Habermas argues that by increasing commercialization in society will lead to the downfall of the public sphere as discourse is replaced with productivity. The process ‘…of commercialization… have increasingly targeted the individual consumer while eliminating the mediating contexts of reception and rational discussion’. (Eley 1994) The product and its place in society have the ability to distract the consumer from other realms of society, therefore hindering them to exercise their minds and comment on important social aspects. Traditional media forms such as television which became the exercised tool for commercialization was the beginning of the decline of authentic broadcast media and the ‘subsequent democratization of communication… based upon multiple producers/distributors/consumers’ (Van Kreiken et. al 2006)
Commercialisation, as referred to in the arguments created by Habermas, is the hindrance of the realization of the issues that are worthy of discourse in society. He identifies that audiences who belong to certain fragments, more likely the lower class, have become influenced with the idea of consumerism. The original concept of the public sphere and freedom of public commentary of religion and criticisms of the state has drastically diminished. It has led to ‘…contemporary media is comparatively commercialized… and that this character has led to social fragmentation and apathy among members of the public’. (Fraser 1999) This train of thought directly highlights how the concept of audience is affected through the process of commercialization. The consumer due to the increase in social fragmentation by the increase in commercialized consumerism is not only classed into a fragment, but is now belonging to a socially classed fragment which deems the individual as worthy or un worthy. These audiences are also disadvantaged by now not experiencing the full potential of Habermas’ suggested ideal of the public sphere as it is now saturated with factors that take away from the political ideals that Habermas originally exemplified.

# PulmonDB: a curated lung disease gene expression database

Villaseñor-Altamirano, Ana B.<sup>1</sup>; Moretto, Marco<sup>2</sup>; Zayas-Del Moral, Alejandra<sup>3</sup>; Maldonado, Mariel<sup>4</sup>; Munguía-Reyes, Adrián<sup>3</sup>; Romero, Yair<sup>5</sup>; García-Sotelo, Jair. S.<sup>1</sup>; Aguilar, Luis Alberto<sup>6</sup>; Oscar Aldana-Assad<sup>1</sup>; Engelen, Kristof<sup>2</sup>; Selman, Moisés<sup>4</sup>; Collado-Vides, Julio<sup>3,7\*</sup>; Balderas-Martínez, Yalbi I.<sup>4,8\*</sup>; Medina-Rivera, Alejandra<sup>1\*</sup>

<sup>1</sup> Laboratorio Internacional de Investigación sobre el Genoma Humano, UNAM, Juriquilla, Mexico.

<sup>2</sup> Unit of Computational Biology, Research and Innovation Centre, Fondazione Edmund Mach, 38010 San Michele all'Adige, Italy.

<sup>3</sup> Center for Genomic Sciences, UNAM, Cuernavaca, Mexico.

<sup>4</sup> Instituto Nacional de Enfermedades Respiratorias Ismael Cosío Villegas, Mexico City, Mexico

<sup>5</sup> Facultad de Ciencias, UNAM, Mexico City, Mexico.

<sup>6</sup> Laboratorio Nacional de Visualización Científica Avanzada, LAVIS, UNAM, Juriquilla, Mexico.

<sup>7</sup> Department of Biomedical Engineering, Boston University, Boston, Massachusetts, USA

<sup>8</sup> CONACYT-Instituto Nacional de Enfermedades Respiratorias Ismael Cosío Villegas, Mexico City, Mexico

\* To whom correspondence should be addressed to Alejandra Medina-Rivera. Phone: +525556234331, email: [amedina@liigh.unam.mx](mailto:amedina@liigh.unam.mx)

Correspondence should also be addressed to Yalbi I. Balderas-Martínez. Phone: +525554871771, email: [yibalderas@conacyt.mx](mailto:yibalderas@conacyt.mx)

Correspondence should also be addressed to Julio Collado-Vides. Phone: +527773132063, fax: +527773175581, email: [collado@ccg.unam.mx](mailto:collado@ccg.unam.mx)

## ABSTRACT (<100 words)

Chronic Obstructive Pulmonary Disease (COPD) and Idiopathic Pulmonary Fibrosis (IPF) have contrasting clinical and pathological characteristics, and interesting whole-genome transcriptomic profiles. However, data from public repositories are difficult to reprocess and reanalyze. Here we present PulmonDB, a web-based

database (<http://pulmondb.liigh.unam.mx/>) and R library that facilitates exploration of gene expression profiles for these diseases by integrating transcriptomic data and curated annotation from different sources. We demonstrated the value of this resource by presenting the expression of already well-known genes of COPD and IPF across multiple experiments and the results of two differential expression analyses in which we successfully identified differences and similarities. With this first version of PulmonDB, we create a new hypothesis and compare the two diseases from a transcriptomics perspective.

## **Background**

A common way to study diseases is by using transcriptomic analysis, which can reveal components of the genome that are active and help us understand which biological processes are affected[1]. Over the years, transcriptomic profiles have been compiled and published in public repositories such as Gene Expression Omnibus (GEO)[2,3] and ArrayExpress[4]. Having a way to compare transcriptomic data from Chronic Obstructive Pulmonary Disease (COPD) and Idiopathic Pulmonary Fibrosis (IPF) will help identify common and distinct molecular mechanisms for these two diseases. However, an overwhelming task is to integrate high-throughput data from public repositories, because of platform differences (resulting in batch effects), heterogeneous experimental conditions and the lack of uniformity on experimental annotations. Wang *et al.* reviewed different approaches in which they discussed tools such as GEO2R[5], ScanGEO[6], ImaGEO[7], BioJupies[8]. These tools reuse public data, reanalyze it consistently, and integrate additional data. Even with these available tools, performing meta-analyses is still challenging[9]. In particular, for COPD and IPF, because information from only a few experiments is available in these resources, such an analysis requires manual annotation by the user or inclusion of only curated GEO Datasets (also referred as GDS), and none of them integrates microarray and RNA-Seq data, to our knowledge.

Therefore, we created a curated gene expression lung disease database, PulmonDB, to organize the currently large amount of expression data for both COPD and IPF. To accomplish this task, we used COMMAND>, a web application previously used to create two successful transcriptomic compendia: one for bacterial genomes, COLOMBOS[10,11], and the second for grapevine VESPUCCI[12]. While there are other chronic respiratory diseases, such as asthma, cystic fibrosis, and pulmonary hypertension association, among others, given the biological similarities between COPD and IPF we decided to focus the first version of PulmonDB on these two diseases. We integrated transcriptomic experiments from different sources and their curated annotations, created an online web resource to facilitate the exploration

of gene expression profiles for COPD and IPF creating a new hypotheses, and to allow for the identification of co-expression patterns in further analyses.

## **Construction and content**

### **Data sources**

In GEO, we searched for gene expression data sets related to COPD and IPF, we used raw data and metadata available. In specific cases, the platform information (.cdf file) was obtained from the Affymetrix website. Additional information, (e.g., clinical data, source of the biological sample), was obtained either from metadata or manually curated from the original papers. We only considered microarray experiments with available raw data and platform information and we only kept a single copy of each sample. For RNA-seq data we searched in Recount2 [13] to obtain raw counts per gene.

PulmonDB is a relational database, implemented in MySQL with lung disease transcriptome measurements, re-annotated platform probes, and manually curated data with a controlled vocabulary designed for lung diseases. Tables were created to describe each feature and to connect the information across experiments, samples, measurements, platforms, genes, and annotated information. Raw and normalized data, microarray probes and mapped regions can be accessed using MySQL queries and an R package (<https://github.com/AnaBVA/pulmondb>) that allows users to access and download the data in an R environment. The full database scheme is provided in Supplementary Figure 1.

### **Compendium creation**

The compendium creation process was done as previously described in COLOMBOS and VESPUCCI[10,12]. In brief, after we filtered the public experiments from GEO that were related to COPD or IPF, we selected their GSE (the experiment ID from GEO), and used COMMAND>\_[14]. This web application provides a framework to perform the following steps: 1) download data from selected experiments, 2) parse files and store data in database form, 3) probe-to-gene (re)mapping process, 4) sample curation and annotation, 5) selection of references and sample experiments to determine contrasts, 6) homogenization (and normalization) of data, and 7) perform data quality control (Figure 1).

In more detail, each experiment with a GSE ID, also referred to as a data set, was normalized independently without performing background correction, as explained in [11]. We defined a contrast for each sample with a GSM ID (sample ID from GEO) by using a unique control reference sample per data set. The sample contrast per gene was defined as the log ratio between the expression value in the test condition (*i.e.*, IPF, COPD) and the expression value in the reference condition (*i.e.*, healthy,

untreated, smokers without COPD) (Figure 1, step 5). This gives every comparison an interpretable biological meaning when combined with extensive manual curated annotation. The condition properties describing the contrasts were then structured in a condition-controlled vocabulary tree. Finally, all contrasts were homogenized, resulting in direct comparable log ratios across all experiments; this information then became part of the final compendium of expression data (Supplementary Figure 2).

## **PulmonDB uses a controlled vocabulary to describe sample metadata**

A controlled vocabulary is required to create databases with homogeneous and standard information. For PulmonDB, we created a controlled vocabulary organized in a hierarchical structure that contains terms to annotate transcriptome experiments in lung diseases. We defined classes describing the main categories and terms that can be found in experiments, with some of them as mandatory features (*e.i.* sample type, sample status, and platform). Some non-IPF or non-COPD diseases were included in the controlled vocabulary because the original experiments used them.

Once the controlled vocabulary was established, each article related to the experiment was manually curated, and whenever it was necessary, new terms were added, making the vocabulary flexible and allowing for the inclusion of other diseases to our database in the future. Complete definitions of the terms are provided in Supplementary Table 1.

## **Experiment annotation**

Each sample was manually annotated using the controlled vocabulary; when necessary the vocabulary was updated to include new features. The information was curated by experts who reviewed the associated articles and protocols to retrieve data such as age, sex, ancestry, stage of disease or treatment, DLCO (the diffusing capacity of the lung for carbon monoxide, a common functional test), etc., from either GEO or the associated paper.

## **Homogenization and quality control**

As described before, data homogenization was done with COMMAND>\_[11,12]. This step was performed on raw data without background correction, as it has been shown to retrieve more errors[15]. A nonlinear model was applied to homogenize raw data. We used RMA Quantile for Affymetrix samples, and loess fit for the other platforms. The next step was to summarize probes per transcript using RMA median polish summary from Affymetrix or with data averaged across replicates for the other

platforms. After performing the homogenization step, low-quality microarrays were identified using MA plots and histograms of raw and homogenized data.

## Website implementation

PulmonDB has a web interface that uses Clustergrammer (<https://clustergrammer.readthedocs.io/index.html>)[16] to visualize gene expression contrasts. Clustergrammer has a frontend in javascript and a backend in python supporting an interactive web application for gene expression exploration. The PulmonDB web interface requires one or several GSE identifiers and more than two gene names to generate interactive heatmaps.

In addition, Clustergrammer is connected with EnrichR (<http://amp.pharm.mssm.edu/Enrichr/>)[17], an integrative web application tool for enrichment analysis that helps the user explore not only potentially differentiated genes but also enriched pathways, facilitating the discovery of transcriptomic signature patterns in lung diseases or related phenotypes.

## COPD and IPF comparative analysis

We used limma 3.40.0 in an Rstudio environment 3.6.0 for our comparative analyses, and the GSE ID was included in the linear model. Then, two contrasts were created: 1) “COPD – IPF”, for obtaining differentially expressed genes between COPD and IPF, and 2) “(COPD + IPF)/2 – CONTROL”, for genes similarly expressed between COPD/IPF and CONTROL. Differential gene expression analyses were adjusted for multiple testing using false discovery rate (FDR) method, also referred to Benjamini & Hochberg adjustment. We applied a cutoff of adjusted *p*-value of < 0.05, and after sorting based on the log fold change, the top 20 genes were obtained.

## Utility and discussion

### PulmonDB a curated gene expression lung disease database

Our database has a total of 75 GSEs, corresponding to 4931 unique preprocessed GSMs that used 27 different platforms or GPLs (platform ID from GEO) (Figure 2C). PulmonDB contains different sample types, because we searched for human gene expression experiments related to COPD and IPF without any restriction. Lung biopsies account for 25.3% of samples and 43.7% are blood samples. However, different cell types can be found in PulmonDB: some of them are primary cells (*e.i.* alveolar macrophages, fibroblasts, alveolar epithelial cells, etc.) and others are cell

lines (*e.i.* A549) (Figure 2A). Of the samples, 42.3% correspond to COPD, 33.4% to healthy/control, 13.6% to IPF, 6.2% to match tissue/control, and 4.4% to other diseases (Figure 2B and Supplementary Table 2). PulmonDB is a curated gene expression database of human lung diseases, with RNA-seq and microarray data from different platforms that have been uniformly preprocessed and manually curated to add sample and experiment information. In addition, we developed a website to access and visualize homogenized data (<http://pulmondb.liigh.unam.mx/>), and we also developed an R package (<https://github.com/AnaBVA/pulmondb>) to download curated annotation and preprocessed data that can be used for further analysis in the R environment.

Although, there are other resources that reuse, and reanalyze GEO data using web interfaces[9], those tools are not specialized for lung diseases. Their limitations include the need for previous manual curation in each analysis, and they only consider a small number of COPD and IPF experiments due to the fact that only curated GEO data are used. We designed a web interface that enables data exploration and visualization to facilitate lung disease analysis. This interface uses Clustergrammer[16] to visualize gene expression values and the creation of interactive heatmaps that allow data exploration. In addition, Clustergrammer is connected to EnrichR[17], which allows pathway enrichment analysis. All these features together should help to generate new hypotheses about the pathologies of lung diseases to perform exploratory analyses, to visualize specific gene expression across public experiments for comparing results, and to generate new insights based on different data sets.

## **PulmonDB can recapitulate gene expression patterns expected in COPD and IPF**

The concept of audience is one that changes on par with the media and public spheres, as without one the other would not exist the way that we know it to. Through concepts such as commercialization and fragmentation, society is able to grow and distinguish itself from the past as its characteristics run their natural course.

20112391 Natasha Ishac

Dahlgren, P. 2002, ‘the Public Sphere as Historical Narrative’’ in McQuail’s Reader of Mass Communication Theory, ed. D,. Sage, London, 195 – 200.
Dilanchian, N. Commercialisation Defined. Dilanchian lawyers and consultants, Australia. 2009.
Fraser. N. 1999, ‘rethinking the public sphere: a contribution to the critique of actually existing democracy in The Cultural Studies Reader, ed. S. During, Routledge, London
Freedman, D. The Politics of Media Policy. Polity Press, Cambridge, UK 2008
McKee, A. The Public Sphere: An Introduction. 2005, Cambridge, UK.
O’shaughnessy, Stadler. Media and Society: Fifth Edition. Oxford Publications, Australia 2012
Turner 1996
Van Kreiken; Habibis; Smith; Hutchins; Haralambos; Holborn Sociology: Themes and Perspectives 3rd Edition. HarperCollins, Australia. 2006.
Habermas, J. The Structural Transformation of the Public Sphere. (quotations assembled by Laura Mandell)